forecastingprinciples.com Reviews of Important Papers on Forecasting,
1985-1995 Reviews
Review of:

Robert Fildes (1989), "Evaluation of aggregate and individual forecast method selection rules," Management Science 35,  1056 – 1065.


This study examined 263 data series from a single organization. The series represent the number of telephone lines in use in each of 263 localities. The localities include only those with at least 1000 circuits in period one. The data cover the same time period and consist of 71 monthly observations. Most of the series were decreasing over this period. Two forecasting methods were considered: one was Holt’s exponential smoothing, and the other was a ‘robust trend estimate.’ The robust trend estimate uses the median of the first differences for the series and modifies this to adjust for outliers.

Here is the question. Is it better to find a model that works best overall, and to use this (referred to as an ‘aggregate selection’ strategy)? Or should a simulation be done for each series to determine which method is best (’individual selection’)? Or should you simply combine forecasts? Research to date suggests that combining is the best strategy, unless you know which method is best. And determining the best method is, of course, the purpose of simulation. In this study, models were calibrated on periods 1 to 24. Successive updating was then used to simulate over periods 25 to 48. The validation was conducted for periods 49 to 70.

Of the three strategies examined, ‘aggregate selection’ is the easiest to operate. ‘Ex ante aggregate selection’ has been used in previous evaluations of forecasting performance by basing the selection of the method on the performance of the contending methods over a number of data series with forecasts made at a single point of time. In contrast ‘ex post aggregate selection’ is based on the method that produced the best forecasts after successive updating has been used for all starting points.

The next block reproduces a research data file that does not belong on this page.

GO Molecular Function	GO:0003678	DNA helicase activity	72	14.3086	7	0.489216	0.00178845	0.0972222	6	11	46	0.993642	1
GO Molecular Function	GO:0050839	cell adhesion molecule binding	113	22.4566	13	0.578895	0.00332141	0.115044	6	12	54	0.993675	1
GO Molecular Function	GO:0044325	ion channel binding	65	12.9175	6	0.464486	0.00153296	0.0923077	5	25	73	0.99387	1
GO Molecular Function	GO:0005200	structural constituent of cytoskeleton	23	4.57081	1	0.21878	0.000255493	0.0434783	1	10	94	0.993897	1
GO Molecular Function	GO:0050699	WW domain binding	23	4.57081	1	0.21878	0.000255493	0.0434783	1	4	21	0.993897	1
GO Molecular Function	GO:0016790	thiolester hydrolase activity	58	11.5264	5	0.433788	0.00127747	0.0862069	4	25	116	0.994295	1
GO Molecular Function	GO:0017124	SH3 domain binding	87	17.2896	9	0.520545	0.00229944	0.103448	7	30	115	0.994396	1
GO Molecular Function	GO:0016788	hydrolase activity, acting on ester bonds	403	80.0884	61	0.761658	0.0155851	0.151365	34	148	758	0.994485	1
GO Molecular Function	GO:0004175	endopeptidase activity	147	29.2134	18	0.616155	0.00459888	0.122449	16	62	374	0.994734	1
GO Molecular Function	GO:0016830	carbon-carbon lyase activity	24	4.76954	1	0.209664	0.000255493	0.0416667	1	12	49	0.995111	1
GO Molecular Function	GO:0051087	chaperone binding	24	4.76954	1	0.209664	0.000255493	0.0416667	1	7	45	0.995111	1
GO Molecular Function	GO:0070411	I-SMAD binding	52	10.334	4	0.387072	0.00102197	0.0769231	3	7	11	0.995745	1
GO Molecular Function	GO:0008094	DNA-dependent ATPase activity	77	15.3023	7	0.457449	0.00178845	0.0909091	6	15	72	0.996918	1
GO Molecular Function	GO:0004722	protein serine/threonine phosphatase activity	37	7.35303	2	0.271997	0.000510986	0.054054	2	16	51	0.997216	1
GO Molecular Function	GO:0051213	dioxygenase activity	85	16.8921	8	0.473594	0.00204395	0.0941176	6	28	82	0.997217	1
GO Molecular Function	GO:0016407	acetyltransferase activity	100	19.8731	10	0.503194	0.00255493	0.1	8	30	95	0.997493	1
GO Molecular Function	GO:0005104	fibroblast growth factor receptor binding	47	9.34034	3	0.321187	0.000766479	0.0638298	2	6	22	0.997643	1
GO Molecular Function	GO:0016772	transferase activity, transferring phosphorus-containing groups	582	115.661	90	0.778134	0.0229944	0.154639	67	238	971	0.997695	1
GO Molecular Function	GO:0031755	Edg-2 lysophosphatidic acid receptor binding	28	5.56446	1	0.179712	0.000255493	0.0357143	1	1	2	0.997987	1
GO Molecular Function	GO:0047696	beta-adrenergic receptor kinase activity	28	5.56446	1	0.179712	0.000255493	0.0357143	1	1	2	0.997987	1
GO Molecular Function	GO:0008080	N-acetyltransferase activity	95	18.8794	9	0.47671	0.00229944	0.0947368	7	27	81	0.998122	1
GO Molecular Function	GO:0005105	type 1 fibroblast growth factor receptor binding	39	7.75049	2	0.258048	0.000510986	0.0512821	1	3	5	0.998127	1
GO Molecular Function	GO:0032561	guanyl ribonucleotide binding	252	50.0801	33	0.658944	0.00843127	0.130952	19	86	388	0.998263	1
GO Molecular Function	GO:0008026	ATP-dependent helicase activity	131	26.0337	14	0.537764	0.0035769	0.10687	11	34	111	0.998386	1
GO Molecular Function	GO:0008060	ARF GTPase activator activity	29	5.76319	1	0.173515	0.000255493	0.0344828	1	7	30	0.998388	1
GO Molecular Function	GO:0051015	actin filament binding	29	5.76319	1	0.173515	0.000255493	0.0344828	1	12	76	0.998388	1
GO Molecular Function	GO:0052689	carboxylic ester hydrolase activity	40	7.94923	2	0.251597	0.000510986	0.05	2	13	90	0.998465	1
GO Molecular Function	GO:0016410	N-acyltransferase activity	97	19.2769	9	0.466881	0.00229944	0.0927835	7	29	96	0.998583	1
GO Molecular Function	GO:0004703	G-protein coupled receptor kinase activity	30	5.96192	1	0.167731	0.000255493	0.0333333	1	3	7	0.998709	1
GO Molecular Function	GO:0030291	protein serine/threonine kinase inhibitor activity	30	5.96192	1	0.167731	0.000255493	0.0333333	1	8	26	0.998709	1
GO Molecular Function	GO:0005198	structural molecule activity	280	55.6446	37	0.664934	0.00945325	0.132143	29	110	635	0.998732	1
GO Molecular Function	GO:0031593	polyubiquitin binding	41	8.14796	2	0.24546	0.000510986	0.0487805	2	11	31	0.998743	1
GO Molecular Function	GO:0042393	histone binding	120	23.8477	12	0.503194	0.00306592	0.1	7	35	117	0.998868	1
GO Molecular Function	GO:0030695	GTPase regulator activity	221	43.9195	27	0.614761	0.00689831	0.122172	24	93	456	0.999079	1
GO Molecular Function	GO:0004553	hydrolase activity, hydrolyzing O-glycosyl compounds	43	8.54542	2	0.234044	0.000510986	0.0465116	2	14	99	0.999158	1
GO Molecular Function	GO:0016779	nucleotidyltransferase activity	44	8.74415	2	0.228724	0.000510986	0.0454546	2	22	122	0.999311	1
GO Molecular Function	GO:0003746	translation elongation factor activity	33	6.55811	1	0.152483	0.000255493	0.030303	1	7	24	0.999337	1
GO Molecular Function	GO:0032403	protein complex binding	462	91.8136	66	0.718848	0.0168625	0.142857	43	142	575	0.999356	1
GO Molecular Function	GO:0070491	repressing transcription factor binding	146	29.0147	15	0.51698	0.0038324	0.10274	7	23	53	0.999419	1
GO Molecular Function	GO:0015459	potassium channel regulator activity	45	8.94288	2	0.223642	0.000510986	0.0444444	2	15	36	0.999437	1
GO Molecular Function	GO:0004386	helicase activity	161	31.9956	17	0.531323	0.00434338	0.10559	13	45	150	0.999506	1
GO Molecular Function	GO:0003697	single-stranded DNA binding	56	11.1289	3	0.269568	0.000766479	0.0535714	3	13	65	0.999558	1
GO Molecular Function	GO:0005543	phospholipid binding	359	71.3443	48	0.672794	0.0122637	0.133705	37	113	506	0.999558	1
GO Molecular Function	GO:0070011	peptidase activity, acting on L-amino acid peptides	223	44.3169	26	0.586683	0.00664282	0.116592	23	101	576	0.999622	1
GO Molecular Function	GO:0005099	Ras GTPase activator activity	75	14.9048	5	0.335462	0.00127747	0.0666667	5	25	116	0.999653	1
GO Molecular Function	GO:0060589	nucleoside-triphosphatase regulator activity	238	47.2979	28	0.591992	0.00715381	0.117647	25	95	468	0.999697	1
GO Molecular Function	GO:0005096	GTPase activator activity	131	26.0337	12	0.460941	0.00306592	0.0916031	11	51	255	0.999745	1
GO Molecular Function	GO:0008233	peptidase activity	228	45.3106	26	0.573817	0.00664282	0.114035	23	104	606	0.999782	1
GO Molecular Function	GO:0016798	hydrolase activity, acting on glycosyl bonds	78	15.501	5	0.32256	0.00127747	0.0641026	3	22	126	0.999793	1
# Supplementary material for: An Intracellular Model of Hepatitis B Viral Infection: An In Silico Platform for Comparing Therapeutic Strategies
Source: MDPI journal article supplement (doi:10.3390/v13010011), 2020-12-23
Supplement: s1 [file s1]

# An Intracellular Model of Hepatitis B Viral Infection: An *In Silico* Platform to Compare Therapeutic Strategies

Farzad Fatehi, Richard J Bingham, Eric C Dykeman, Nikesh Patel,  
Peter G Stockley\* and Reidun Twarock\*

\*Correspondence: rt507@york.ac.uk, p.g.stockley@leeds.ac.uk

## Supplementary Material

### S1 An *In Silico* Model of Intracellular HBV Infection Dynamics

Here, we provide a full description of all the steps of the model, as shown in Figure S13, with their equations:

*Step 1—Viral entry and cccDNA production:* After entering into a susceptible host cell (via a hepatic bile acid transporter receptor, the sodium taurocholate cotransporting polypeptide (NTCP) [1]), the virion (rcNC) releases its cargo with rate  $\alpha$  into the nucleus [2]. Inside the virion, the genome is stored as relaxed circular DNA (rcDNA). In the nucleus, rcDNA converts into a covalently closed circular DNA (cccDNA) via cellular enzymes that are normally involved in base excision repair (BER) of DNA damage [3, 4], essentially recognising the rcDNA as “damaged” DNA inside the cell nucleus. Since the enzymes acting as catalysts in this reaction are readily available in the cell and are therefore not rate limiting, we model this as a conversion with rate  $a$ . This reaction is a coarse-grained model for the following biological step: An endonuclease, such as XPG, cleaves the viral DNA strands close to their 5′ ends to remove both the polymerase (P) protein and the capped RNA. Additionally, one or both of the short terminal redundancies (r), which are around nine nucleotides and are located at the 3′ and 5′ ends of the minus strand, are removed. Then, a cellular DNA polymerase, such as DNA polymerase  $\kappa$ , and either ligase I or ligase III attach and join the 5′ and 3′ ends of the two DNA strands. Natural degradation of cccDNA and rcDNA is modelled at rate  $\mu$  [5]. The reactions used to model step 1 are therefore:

‘Individual selection’ is more expensive than ‘aggregate selection.’ However, ex post analysis was shown to have the potential of leading to substantial improvements in accuracy. The key question addressed by the paper is whether the potential gains from individual selection are achievable in practice.

The results were that the three ex ante strategies performed almost identically for short range forecasts (from one to six periods in the future). For longer range forecasts (12 months ahead), the error from aggregate selection was about six percent higher than that for the individual and combining strategies. However, ‘ex post aggregate selection’ produced worthwhile improvements in accuracy for leads 6 and 12 over the three ex ante strategies. The paper concludes by arguing that the forecaster would do as well by choosing a single method for all series. It is desirable for the selection of this method to be based on a large number of data series as well as by successive updating over a substantial number of starting points.